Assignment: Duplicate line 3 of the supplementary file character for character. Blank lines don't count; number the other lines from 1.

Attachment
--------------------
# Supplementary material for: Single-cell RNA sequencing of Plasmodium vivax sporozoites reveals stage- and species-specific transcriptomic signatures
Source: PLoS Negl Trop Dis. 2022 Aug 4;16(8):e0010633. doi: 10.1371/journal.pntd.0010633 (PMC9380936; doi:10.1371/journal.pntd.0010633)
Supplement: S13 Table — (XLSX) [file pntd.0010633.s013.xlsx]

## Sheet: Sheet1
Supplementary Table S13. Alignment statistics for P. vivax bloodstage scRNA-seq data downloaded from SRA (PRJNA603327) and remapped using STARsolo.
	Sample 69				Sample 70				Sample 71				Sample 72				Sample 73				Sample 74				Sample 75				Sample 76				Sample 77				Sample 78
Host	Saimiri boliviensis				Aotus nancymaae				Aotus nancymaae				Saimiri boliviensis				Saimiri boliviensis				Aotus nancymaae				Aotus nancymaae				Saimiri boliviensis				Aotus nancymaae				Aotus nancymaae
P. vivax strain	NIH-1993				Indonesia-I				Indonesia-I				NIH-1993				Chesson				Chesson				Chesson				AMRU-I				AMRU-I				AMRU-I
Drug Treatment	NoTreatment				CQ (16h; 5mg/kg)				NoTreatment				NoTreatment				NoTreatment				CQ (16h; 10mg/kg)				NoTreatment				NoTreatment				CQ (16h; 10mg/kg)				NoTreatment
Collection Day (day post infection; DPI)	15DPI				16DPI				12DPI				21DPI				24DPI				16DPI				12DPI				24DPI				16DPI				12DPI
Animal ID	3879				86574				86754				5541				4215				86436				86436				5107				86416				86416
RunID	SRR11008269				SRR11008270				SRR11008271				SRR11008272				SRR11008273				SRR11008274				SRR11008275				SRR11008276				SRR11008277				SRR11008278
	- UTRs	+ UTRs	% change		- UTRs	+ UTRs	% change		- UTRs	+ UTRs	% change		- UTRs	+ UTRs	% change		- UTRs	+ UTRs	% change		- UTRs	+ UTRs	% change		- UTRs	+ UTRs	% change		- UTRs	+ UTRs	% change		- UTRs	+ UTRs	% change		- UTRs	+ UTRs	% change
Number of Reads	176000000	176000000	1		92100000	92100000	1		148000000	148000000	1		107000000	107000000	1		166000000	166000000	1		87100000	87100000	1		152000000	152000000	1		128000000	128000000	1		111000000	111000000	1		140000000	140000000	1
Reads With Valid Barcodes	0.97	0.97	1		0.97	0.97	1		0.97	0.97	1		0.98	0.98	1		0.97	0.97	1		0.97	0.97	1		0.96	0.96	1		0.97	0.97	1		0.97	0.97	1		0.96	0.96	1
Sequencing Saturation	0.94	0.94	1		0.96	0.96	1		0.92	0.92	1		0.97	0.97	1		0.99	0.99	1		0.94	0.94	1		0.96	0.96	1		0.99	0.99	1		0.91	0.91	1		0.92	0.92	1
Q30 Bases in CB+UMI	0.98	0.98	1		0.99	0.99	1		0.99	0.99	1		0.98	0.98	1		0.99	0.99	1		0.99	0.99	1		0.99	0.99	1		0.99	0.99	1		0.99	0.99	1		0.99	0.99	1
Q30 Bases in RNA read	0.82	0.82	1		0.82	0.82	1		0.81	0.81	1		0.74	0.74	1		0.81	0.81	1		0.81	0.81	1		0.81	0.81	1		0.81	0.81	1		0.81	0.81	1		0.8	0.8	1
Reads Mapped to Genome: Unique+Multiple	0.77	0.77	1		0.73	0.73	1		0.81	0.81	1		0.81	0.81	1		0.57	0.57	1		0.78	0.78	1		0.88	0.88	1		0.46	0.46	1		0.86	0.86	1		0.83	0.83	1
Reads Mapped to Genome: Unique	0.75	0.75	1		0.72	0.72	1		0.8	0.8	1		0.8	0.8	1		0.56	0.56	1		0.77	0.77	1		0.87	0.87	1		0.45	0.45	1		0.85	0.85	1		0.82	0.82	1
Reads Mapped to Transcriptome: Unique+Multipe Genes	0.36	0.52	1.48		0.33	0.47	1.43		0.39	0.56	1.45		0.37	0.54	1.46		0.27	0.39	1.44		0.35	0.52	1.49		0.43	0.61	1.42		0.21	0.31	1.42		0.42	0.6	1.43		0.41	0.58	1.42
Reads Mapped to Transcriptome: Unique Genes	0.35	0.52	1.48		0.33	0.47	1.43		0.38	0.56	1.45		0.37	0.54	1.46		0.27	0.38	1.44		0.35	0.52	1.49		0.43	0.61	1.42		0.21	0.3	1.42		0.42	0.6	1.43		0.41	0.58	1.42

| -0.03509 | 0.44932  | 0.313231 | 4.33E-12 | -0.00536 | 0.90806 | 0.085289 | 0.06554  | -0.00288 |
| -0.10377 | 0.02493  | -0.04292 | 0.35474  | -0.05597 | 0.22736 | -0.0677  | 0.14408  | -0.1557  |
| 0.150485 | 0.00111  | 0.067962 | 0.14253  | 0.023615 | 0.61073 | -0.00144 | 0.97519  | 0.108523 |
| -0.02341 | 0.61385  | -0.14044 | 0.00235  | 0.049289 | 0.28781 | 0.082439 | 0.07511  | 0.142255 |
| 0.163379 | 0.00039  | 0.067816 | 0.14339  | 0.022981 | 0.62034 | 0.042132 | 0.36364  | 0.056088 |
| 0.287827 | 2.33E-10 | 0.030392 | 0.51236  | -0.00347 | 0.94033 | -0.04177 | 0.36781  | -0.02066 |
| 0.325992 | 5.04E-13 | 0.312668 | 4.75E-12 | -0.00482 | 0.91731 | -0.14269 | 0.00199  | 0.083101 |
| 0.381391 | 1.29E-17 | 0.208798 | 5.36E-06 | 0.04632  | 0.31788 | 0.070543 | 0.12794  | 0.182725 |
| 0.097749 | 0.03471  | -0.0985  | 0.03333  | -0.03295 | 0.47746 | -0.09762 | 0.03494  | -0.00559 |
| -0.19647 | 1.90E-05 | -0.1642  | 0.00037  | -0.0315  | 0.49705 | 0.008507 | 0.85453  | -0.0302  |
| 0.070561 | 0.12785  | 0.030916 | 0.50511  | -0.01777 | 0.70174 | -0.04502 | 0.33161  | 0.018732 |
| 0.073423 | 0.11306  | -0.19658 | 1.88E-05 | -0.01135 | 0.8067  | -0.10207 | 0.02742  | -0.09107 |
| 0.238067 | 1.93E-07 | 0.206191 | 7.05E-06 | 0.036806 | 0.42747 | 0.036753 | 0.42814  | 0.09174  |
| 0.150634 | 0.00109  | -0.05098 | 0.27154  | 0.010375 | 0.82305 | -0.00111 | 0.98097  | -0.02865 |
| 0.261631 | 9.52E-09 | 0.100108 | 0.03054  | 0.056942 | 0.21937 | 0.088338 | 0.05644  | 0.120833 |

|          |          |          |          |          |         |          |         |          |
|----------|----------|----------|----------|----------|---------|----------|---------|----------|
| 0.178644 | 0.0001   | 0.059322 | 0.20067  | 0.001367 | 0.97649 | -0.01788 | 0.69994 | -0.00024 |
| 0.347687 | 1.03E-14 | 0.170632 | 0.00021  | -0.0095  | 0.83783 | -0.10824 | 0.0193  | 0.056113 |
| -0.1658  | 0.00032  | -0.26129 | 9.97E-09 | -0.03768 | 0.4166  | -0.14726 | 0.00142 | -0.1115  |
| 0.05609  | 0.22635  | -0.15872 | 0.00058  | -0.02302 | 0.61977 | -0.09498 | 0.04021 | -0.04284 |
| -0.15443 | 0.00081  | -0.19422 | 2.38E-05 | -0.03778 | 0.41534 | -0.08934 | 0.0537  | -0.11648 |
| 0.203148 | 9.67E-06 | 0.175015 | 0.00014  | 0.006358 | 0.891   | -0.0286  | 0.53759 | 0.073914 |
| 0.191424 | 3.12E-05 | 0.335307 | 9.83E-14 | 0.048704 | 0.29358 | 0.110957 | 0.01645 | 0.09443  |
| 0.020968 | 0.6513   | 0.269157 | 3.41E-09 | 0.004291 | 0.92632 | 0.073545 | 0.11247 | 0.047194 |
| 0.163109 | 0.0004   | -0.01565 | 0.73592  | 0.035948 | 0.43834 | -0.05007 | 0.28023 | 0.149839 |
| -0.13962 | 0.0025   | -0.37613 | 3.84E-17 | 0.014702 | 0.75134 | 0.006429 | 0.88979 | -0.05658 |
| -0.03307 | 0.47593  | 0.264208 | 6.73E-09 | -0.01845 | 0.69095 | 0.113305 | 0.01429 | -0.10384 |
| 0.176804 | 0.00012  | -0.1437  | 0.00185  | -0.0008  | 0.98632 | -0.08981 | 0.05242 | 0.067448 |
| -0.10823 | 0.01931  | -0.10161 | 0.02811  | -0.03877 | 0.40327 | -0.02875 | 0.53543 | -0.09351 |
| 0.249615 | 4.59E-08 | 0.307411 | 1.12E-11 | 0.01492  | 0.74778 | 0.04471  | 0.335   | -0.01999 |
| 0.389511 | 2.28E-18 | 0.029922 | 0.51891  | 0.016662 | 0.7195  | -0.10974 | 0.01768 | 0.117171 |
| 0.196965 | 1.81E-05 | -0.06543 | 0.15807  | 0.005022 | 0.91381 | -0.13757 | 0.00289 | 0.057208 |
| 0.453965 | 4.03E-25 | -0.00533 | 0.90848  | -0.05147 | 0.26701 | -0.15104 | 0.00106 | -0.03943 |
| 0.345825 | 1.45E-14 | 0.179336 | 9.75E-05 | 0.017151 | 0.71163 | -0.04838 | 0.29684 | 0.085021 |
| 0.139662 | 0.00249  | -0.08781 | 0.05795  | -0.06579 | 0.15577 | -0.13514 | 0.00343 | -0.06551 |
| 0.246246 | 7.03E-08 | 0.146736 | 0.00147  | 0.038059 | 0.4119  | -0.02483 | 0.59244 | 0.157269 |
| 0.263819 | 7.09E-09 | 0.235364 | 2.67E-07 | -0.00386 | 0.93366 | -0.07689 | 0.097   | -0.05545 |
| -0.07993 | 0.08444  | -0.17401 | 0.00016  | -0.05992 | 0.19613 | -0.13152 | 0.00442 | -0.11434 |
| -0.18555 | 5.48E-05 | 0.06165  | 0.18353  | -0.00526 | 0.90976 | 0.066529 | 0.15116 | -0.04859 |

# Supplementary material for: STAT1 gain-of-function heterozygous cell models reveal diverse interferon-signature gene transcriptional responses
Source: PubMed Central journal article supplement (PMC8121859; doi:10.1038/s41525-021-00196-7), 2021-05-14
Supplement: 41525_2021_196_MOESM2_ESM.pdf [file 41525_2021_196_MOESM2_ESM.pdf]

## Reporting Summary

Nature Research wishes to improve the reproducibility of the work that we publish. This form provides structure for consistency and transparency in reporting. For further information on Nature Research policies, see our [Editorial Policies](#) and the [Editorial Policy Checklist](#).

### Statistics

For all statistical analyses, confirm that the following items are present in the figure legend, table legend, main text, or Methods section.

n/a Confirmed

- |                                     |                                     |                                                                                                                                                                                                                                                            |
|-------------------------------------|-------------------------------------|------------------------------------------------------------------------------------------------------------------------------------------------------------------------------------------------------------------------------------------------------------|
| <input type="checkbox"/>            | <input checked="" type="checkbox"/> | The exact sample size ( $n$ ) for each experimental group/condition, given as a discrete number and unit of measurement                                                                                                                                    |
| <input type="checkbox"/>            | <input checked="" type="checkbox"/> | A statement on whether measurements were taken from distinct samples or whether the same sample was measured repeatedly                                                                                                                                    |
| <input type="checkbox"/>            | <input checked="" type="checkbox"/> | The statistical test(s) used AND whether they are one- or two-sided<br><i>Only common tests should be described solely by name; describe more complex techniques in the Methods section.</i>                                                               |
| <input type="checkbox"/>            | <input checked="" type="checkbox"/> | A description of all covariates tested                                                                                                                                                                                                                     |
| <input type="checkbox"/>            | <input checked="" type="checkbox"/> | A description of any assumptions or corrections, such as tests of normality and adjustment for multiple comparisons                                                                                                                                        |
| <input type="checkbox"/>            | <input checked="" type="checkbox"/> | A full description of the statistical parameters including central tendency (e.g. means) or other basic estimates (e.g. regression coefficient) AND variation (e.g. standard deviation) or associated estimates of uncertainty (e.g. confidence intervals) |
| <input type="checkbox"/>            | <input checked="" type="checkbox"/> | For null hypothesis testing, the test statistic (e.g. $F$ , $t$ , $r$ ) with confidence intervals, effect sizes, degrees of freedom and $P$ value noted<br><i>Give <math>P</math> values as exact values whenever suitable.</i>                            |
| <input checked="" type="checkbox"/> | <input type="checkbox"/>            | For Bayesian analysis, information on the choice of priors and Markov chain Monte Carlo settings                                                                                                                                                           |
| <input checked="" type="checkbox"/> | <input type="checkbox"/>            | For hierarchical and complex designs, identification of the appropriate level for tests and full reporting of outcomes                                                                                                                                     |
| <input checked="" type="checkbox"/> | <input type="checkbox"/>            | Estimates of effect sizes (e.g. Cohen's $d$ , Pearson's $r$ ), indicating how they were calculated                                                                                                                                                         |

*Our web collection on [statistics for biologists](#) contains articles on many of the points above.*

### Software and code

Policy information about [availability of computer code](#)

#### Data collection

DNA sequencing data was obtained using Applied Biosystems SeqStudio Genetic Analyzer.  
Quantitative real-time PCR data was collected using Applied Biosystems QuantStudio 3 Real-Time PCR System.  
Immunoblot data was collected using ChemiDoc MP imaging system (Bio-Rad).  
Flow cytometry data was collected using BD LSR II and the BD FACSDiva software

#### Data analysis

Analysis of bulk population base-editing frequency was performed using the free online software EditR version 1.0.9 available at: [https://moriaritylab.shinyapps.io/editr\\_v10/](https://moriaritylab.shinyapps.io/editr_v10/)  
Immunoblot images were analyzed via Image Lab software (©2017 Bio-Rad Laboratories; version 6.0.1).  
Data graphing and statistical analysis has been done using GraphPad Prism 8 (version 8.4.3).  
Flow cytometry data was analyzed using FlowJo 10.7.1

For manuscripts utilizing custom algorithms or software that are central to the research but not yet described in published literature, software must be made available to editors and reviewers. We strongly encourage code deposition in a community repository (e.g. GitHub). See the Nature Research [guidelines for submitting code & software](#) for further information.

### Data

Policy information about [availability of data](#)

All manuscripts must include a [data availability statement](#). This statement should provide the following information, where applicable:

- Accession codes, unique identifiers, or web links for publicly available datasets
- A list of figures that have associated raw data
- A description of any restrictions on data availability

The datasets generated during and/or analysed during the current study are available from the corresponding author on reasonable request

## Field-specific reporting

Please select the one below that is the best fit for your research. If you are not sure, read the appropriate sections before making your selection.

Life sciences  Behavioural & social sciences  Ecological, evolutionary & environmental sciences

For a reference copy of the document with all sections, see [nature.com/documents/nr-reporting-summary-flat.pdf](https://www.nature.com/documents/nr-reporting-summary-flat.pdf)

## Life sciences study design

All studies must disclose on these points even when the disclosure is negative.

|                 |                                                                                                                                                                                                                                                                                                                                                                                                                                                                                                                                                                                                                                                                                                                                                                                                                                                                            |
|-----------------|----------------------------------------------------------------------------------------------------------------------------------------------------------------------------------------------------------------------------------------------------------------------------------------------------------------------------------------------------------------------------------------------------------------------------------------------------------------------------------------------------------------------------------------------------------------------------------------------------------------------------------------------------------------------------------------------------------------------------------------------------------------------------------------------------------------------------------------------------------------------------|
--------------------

Supplement: S13 Table — (XLSX) [file pntd.0010633.s013.xlsx]